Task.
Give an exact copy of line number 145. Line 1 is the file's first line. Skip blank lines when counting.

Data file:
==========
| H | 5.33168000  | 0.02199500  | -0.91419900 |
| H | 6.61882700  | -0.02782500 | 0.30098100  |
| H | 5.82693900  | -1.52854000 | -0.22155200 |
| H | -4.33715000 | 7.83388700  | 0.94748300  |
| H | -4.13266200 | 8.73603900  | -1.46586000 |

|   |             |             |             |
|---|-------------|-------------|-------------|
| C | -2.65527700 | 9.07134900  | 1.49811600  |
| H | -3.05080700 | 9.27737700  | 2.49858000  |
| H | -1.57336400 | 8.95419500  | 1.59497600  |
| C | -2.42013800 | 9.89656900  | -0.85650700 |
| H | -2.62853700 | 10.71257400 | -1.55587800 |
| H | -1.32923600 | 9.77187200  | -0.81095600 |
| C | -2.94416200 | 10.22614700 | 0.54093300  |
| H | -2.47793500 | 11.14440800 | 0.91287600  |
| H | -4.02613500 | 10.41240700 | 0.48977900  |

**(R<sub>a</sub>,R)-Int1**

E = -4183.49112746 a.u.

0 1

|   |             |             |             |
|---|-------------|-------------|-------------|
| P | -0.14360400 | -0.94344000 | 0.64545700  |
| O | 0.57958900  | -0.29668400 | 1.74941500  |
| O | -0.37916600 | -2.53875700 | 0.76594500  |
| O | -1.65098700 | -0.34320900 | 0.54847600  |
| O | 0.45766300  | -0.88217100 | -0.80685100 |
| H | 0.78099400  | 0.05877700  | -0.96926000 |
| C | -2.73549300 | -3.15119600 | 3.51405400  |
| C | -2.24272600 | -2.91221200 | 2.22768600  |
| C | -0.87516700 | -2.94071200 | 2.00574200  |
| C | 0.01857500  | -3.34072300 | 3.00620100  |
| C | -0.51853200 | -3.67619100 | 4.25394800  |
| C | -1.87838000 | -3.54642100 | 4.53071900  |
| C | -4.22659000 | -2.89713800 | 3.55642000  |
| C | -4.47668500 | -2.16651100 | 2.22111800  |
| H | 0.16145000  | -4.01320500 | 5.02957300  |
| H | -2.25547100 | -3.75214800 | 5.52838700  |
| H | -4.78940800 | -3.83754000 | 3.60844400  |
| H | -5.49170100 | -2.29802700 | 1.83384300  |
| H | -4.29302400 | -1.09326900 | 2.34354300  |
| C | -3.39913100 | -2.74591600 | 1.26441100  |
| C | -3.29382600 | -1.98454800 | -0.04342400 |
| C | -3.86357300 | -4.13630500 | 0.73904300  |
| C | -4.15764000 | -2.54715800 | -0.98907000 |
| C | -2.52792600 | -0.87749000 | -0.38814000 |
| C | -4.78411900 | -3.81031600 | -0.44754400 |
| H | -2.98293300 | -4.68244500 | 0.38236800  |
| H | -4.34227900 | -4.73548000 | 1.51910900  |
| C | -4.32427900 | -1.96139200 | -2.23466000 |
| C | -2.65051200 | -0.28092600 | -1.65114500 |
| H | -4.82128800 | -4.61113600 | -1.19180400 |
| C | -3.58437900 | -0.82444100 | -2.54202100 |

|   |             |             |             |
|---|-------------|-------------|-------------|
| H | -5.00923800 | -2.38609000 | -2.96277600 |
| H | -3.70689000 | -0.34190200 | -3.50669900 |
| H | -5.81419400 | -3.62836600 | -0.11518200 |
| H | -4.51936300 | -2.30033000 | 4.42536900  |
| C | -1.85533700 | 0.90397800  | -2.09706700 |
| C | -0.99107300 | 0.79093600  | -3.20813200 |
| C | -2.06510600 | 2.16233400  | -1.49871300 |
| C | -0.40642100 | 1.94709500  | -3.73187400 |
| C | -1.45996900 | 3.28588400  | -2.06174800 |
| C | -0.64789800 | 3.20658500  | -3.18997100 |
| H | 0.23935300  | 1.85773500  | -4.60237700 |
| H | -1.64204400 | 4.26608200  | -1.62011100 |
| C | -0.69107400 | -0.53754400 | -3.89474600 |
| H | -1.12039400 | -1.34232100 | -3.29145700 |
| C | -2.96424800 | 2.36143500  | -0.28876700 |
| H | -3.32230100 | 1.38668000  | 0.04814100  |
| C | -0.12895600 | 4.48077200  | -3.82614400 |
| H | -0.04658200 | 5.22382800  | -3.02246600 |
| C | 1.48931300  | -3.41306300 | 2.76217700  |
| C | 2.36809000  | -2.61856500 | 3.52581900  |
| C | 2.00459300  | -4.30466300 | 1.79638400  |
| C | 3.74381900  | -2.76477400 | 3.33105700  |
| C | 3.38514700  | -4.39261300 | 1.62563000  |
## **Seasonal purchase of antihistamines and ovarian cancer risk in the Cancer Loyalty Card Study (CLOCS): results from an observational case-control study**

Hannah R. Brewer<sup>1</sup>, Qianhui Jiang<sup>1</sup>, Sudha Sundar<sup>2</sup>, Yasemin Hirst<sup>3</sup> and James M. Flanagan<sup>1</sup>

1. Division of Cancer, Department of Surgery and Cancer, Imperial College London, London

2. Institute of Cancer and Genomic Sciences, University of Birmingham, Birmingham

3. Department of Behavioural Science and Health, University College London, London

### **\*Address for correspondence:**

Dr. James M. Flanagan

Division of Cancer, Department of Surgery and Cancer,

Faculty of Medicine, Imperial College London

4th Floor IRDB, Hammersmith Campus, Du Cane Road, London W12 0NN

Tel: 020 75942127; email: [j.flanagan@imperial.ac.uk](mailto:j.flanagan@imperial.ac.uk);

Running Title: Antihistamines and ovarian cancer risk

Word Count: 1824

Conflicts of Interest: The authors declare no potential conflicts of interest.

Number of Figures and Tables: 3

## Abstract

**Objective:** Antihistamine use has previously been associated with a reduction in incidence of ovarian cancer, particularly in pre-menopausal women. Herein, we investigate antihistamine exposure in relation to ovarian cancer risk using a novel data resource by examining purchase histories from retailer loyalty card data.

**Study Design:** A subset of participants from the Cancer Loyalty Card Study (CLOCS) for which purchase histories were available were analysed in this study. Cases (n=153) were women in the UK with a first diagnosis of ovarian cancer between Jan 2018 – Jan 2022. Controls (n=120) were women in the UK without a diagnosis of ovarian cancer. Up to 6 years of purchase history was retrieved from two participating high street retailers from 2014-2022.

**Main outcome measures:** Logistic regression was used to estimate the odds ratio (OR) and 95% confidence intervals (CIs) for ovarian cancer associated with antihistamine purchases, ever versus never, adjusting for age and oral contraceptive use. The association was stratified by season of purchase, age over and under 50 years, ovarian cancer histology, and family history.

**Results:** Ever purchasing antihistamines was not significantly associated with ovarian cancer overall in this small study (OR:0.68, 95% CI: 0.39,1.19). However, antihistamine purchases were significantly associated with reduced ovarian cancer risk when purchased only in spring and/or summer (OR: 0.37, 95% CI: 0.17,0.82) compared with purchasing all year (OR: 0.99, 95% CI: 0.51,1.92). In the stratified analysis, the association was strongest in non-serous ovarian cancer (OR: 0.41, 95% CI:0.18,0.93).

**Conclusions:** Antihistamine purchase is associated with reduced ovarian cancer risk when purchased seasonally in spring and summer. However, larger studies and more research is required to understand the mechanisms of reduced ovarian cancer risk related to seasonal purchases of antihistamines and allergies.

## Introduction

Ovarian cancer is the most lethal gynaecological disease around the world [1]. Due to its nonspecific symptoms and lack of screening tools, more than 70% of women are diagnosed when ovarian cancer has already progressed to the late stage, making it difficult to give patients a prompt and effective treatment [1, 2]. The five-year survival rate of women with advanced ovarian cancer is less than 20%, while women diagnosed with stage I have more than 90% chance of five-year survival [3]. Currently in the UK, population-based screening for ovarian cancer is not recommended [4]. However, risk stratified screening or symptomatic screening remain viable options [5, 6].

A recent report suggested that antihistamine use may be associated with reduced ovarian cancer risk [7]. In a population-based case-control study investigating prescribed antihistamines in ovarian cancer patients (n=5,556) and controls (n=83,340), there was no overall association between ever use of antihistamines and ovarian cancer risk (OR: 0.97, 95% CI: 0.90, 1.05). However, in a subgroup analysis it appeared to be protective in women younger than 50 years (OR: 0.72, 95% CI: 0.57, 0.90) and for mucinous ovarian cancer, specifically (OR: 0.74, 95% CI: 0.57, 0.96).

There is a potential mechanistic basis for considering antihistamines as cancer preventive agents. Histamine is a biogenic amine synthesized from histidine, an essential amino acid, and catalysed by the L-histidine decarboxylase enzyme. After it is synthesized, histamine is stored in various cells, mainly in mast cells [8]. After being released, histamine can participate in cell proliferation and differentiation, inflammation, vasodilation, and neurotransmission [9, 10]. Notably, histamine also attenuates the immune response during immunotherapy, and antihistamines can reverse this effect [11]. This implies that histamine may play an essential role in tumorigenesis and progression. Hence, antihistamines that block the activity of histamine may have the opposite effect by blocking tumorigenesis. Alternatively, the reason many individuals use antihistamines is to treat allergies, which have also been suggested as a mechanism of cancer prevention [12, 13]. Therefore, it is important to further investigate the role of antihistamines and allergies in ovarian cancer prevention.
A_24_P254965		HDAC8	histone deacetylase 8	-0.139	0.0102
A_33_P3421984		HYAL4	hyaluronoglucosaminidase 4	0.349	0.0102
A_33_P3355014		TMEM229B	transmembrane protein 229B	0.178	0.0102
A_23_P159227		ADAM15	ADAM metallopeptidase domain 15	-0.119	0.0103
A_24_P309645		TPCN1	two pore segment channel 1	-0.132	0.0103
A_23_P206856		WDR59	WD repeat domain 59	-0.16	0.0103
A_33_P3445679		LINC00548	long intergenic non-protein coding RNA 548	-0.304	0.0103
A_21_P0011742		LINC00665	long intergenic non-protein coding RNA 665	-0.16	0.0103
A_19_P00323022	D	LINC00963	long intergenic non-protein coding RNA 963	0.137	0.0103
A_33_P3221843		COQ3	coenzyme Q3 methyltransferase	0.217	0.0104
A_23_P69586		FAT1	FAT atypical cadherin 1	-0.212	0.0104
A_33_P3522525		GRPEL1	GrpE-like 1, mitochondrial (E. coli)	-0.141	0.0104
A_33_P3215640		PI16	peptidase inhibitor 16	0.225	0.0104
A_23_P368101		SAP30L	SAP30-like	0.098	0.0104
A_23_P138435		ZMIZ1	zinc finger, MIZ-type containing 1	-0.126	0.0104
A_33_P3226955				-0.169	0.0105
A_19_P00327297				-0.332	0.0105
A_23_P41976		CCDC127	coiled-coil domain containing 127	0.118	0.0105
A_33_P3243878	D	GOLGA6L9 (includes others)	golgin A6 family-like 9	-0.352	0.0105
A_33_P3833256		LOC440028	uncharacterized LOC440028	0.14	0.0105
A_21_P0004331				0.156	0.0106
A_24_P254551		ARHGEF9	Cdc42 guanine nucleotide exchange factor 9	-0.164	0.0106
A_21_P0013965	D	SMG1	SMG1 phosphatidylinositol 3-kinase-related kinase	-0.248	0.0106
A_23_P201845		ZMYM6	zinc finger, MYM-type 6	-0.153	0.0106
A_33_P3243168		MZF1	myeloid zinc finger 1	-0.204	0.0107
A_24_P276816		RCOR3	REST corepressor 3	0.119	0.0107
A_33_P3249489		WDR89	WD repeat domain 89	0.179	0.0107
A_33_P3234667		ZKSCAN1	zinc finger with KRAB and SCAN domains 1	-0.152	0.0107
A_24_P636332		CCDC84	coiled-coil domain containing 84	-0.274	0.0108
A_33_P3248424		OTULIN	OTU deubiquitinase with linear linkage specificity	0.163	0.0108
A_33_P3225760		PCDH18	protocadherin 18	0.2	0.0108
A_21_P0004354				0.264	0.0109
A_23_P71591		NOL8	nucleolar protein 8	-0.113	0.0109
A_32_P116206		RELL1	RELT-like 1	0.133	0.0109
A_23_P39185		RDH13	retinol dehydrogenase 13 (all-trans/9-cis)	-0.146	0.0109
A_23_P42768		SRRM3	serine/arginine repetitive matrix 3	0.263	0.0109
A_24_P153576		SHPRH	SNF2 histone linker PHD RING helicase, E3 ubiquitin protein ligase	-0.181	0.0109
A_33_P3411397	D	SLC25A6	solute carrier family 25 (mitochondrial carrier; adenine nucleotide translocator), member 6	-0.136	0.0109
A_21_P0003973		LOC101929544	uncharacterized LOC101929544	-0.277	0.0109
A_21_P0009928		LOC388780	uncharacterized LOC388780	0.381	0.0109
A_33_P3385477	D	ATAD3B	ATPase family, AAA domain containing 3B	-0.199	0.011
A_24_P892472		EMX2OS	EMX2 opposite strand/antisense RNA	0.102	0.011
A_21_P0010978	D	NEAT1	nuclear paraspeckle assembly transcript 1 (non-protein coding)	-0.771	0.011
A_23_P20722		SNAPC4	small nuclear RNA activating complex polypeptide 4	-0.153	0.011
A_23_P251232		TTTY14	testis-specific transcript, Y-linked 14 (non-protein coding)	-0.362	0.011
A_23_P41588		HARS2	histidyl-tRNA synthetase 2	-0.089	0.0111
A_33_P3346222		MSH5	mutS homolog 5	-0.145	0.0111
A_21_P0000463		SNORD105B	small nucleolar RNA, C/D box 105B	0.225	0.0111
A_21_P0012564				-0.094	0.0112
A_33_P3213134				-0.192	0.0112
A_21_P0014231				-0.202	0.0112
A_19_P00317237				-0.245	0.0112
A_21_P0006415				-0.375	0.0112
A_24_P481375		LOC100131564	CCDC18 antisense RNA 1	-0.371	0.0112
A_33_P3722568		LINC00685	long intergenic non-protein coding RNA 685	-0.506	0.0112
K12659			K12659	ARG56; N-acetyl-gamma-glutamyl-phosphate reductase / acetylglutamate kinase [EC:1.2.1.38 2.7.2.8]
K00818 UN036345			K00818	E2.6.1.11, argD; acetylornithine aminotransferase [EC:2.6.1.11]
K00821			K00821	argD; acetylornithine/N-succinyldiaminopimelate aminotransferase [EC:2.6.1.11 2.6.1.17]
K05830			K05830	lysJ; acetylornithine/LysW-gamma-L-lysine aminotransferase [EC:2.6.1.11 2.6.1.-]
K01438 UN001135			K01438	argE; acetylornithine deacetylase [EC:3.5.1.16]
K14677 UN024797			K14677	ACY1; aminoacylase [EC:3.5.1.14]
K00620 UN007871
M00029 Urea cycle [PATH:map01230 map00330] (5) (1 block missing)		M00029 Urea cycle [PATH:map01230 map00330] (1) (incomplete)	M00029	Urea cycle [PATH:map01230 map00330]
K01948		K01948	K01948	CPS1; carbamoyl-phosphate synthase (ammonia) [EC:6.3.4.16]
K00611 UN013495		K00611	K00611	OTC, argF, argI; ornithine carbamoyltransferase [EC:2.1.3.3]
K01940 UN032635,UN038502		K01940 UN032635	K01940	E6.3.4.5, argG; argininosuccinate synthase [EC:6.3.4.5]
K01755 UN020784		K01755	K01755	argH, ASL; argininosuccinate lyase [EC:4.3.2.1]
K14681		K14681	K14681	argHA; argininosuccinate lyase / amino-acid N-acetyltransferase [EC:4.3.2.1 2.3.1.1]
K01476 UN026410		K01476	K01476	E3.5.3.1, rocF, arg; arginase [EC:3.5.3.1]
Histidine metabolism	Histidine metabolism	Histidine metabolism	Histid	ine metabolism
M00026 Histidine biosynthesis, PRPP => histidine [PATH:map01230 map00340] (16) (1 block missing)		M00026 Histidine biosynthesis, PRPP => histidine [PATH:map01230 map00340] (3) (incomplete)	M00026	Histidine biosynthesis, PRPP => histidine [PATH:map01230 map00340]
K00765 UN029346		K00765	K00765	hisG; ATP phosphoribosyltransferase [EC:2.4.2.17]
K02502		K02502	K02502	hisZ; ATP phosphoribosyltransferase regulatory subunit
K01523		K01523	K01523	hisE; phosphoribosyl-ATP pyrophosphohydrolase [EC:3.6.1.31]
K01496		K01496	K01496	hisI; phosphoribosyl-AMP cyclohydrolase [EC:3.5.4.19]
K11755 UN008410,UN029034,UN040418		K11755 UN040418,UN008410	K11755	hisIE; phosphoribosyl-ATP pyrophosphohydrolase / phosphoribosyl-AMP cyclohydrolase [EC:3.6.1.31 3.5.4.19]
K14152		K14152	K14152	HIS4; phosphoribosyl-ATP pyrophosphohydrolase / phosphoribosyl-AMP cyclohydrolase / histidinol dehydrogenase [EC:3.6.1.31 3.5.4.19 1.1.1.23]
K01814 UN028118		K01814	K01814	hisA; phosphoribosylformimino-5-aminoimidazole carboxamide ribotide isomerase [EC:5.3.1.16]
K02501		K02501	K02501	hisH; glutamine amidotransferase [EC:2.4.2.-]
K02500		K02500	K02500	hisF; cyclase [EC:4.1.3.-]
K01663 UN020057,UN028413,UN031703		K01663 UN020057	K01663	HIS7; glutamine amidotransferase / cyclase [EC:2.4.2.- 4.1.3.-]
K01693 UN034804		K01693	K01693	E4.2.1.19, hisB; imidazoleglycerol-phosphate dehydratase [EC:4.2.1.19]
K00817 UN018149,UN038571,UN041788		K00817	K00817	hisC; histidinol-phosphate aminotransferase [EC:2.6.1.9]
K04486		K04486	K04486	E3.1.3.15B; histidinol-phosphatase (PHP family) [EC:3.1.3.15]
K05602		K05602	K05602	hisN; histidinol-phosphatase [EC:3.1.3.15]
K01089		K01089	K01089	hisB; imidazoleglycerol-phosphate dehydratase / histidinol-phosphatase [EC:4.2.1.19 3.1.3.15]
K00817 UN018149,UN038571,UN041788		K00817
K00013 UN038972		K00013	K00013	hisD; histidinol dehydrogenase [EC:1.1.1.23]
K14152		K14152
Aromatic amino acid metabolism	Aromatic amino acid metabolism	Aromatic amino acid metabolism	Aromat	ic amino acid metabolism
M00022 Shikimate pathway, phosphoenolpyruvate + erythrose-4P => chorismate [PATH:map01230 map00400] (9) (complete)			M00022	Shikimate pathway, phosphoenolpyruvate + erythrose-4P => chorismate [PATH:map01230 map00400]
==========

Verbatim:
A_21_P0010978	D	NEAT1	nuclear paraspeckle assembly transcript 1 (non-protein coding)	-0.771	0.011